Paging Dr. Ayurveda: Debunking Yoga Quackery. ~ Molly McCollum

Via elephant journal
on Oct 11, 2012
get elephant's newsletter

It’s that time of year again, elephants.

The “doctors” and “clinicians” and “healers” of the Ayurvedic mumbo-jumbo world once again crawl out of their nests to offer us bogus, unscientific, untested and non-FDA-approved cures for our sniffles and post-summer depression.

Ah, yoga.

For those of you who are blissfully ignorant to this particular branch of quackery, here it is in a nutshell: it is the reason Deepak Chopra is a millionaire. It is also an ancient Indian healing system theorizing that your body’s functions are regulated by doshas, or physiological principles named vata, pitta and kapha.

These doshas work much in the same way astrological signs do, in that there are personality types associated with them as well as body types. They are analogous to the four “humors” of ancient Greece and Rome: yellow bile, black bile, phlegm and blood. Just like the humors, if any of your doshas are “unbalanced,” you will contract disease or diarrhea or lose your mindfulness.

Or something.

If it’s true then, that your entire body’s well-being and therefore your life depends on the balance or imbalance of three ambiguous “principles,” you’d better gosh-darn know what your doshas look like, am I right? Right!

After filling out a very scientific Cosmo-style quiz on Chopra’s website, in which I was asked such relevant questions as “Do you have a penetrating gaze?” “Are you lively and enthusiastic by nature?” and “Is your hair thick and abundant?”, (in case you’re wondering, my gaze is penetrating and yes, I do have a thick and abundant mane), I was presented with my dosha profile:

“You exhibit nearly equal characteristics of pitta and vata, making you bi-doshic.”

Bi-doshic! Don’t tell my mom.

We then move on to the second part of the quiz. “Have your bowels been loose?” “Have spicy foods been agreeing with you?” and “Have you been holding on to extra pounds?”

This part, of course, functions to convince the worried test-taker that his or her unique individual physical needs are being considered, and whatever happens when he or she hits “submit” will doubtless be scientific and accurate and founded in medicine.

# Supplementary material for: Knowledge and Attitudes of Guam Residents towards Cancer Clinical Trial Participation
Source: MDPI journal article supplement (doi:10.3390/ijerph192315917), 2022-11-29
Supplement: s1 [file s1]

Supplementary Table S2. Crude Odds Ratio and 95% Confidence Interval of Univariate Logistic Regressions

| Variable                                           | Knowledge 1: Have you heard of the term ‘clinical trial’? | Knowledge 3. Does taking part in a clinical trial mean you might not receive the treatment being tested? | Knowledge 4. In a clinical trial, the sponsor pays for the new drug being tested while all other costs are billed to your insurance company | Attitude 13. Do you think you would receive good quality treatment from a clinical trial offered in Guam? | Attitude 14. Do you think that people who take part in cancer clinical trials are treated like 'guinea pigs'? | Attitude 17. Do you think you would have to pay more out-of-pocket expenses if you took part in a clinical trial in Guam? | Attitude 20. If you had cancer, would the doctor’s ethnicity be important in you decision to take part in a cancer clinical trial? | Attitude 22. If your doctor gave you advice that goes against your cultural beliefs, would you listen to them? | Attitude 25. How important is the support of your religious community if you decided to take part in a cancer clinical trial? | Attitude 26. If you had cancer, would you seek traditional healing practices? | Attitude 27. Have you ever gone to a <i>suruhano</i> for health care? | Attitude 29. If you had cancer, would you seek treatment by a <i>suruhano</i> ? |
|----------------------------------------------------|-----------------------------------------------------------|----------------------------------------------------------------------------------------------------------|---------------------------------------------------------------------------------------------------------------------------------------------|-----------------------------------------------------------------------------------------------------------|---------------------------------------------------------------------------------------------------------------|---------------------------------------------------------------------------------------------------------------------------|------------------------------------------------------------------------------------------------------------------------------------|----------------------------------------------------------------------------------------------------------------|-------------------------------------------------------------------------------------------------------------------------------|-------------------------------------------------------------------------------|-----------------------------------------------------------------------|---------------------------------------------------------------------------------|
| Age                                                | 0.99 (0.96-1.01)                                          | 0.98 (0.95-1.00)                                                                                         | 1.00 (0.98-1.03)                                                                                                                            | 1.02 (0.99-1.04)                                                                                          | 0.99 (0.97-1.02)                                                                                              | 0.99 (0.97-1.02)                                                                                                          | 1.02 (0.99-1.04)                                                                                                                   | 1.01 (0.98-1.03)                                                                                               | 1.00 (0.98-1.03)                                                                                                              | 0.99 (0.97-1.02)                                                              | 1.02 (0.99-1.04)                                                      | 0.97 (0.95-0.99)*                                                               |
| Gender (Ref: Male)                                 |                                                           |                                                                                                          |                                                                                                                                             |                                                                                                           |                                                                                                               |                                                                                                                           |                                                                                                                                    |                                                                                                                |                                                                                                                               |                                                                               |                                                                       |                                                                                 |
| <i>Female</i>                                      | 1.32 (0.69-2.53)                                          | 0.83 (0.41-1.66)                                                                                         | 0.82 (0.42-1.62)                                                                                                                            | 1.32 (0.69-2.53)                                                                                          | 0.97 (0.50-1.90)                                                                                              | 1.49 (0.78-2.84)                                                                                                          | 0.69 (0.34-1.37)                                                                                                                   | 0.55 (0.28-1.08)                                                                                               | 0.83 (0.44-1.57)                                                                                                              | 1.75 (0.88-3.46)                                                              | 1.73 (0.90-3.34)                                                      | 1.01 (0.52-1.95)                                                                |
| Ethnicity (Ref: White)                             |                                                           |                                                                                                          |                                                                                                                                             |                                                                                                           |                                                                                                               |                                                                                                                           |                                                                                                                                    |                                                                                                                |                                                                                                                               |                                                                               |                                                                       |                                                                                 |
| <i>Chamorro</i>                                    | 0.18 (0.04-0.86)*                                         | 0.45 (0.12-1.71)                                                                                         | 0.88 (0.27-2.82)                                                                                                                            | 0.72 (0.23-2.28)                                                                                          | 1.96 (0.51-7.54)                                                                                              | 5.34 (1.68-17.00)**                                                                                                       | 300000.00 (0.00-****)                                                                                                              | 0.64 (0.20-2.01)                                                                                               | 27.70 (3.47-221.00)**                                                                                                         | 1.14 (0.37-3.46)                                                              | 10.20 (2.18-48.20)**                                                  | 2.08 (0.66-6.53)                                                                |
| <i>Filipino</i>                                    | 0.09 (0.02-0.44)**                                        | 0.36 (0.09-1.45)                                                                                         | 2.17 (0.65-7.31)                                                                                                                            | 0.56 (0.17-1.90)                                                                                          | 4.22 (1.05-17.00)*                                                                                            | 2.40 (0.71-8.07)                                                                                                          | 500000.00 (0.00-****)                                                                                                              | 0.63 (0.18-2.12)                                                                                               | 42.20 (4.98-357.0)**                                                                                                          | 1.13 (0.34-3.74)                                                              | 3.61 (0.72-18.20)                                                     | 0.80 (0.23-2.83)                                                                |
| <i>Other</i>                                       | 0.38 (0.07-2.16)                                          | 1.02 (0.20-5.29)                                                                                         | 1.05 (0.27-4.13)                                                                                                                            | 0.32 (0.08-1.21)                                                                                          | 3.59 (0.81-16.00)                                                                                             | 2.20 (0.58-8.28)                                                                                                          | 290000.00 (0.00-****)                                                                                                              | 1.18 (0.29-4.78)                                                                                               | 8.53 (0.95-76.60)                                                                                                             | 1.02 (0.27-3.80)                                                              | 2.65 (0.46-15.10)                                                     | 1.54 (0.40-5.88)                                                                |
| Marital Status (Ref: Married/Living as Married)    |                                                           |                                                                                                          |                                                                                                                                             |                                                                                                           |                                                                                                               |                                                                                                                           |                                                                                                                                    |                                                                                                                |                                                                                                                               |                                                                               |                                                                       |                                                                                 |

My results told me that I need to drink more tea, paint my walls earth tones and, of course, consult an Ayurvedic physician, (that’s “physician”) for more healing.

Perhaps you’re not feeling quite so confident in Ayurvedic medicine now.

Or perhaps you’re simply casting a blind eye to the fact that it is essentially another form of the discredited Greek and Roman nonsense that informed medieval medicine, (that’s “medicine”). Before you hand over your paycheck to Dr. Ayurveda, know these facts first:

1. In 2003, a survey of Ayurvedic herbal products sold in Boston-area stores found that a whopping 20 percent contained concentrations of lead, mercury and/or arsenic. Thirty-five to forty percent of medicines in the Ayurvedic formulary contain at least one metal, and the amounts of these metals are not regulated by any governing body. The authors of this survey explicitly noted that users of Ayurvedic medicines may be at risk for heavy metal toxicity.

2. In order to call oneself an “Ayurvedic practitioner,” one must enroll in a two-year program, many of these offered at ashrams. To call oneself an “Ayurvedic doctor”—and thus be referred to as Dr. Smith, Dr. Jones, etc.—one must enroll in a four-year program, for which the only entry qualifications are college-level biology and anatomy. The book list for these programs contains titles such as Loving-Kindness: The Revolutionary Art of Happiness, The Rainbow Bridge, Botany in a Day and The Ayurvedic Cookbook. Nothing remotely related to organic chemistry, physics, genetics, neuroscience or any other discipline so critical to responsible medicine.

I get it.

Your yoga teachers preach Ayurveda at you all day long, and taking some concoction with the word “grass” or “root” in it sure does sound safer than the pills Pfizer puts out. It may be that whatever Dr. Ayurveda prescribed, or recommended is actually working and you feel much better, but we’ll leave placebos for another day.


Molly is a medical researcher, enormous science geek, and habitual know-it-all residing and teaching yoga in Brooklyn, New York. Information about her “yoga for atheists” classes can be found at here.




Editor: Thaddeus Haas

Like elephant health & wellness on Facebook



About elephant journal